Right about the time I’m getting sick of summer and longing to feel just a little nip in the air, up pops a pink or white bud, seemingly out of nowhere, to prop up my sagging spirits. This drought and the endless rounds of watering have gotten me down, but the colchicums don’t care if it hasn’t rained all summer. They’re ready to spice things up and leave you feeling a bit topsy-turvy. After all, it is September, and everything was supposed to be up months ago, wasn’t it?
That’s the great thing about gardening: A surprise is always lurking behind the hedge, just when you really need it. Most of this season’s surprises seem to come in the form of bulbs or corms, which we tend to associate with the freshness of spring rather than the doldrums of late summer. Colchicums come in a number of species and varieties. Most are some shade of lavender/pink; a few are white, and one, called ‘Waterlily’, produces double blooms. All are a cinch to grow, requiring only a well-drained site and some sun. The hardest thing about them is remembering where they are so you don’t cut them in half when planting something else.
Colchicums aren’t the only garden surprise around this time of year. Their first cousins, the autumn-flowering crocuses, also pop up with no warning. But I’ve found the colchicums a better investment, since they’re rich in a poisonous alkaloid that keeps the crocus-loving chipmunks at bay. The colchicums also seem to hold up much better than the flimsy, short-lived crocus flowers.
Another flower that seems to come out of nowhere is the aptly named surprise or magic lily. It too spends the summer dormant and sends up its flowers when least expected. The most commonly available species, Lycoris radiata, is very showy, with bright-red flowers and wonderful, prominent stamens. They are also excellent cut flowers and make an exceptional, elegant bouquet.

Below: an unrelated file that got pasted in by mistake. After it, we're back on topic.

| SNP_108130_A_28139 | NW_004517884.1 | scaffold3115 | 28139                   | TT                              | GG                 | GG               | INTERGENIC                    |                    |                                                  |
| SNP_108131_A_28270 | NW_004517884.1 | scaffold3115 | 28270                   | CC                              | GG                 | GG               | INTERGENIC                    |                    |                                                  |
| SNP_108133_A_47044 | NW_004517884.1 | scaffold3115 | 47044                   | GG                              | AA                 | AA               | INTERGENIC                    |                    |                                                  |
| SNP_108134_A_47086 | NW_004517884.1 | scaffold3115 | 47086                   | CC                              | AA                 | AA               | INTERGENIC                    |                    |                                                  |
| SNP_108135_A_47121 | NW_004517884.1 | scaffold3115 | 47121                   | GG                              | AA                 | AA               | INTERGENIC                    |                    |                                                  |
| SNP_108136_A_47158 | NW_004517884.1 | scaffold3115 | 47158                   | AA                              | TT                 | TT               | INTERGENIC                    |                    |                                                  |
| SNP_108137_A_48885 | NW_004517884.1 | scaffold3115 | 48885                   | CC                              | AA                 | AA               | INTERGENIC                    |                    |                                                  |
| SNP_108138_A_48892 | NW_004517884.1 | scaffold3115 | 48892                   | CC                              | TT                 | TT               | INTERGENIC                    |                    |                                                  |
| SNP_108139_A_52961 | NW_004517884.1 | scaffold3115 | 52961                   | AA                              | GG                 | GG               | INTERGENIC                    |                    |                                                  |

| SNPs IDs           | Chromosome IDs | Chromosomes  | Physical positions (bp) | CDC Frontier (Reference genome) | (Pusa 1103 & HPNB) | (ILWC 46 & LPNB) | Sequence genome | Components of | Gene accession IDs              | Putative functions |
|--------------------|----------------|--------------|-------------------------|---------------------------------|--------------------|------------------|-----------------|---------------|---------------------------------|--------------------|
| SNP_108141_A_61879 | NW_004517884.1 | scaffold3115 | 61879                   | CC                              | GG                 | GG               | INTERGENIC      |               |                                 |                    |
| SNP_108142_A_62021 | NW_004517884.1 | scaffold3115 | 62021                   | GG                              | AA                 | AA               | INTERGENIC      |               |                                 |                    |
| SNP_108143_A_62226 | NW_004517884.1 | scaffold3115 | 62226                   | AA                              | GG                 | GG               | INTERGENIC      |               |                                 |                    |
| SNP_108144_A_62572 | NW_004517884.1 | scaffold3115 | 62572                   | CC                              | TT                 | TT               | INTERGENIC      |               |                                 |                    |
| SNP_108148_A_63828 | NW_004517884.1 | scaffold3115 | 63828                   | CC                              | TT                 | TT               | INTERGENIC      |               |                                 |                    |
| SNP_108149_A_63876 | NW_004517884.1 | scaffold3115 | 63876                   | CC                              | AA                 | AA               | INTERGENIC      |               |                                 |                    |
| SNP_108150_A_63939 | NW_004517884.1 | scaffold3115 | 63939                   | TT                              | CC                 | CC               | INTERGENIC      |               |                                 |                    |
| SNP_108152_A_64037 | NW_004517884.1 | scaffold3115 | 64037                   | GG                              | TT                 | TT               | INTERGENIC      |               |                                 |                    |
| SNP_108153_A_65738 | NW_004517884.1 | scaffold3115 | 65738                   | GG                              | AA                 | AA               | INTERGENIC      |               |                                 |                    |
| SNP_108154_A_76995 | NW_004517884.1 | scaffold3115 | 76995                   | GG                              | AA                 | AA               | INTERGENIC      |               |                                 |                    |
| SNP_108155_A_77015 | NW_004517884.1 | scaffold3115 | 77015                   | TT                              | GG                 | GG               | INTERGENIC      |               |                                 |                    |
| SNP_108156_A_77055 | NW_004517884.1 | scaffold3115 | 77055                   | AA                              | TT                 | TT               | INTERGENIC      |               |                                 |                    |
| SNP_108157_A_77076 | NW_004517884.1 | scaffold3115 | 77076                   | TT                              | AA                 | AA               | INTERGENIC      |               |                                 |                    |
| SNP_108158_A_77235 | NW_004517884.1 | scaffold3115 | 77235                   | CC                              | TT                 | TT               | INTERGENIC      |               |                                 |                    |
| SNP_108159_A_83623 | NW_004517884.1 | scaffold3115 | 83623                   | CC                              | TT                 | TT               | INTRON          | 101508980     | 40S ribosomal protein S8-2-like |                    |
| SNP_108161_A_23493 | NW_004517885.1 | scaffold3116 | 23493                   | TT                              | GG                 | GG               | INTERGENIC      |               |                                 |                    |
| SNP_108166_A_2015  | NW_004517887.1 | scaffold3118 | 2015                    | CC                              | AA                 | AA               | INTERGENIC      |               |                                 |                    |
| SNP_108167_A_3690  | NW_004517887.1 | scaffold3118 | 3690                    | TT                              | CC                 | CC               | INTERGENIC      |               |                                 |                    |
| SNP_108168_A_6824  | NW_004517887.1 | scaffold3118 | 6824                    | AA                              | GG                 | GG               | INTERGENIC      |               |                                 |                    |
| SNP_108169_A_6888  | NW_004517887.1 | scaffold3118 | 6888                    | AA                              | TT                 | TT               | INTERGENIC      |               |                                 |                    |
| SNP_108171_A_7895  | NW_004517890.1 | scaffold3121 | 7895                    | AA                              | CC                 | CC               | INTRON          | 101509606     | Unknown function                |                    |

For those who like their flowers more subtle, late summer is the season for the ivy-leafed cyclamen, whose pink (or, rarely, white) flowers also emerge before the foliage. While not as showy as the colchicum or lycoris, this dainty cyclamen is for those with the most refined taste. If you know only their more garish hothouse cousins, you’ll be in for a treat if you seek out the unhybridized wildlings. Like shooting stars, which are also in the primrose family, the ivy-leafed cyclamen’s petals flare back and have a little twist to them. After they’re pollinated, the flower stalk coils up like a spring, bringing the seedpod down flat on the ground, where it rests until the seeds mature the following summer. It’s a neat little detail that appeals to children—the kind of thing that helps them engage with the plant world and perhaps sparks an interest in gardening.
The flowers are charming, but the real tour de force is the foliage, which is just now emerging in my garden. For quality of pattern, the leaves of this cyclamen are some of the finest in the entire plant world. Like the proverbial snowflake, each plant is different, with varying shades of green, silver and gray forming extraordinary, kaleidoscopic figures. They persist all through the winter, when such splendor is especially welcome, not disappearing until late spring. If you have the room or the budget for only a few, place them where they can be viewed up close, for their charm is of the diminutive sort. For those with more ample means, they make a wonderful ground cover beneath a deciduous tree, tending to do well even with lots of root competition.
Hillsborough, N.C., resident Nancy Goodwin of Montrose fame began growing many species of seedling cyclamens 20 years ago, and she now has a huge sweep of them under a mature Magnolia tripetala. The effect is absolutely enchanting. In Turkey, wild cyclamen corms used to be harvested by the ton, but most bulb outlets now offer seed-raised corms. Although they’re usually smaller, they acclimate much faster and don’t deplete wild populations. While the colchicums and lycoris give us a grand but fleeting display, the cyclamen provide three seasons worth of pleasure. It’s hard to do better than that.
[Garden designer Edmund Taylor lives in the wilds of Madison County. He can be reached at firstname.lastname@example.org]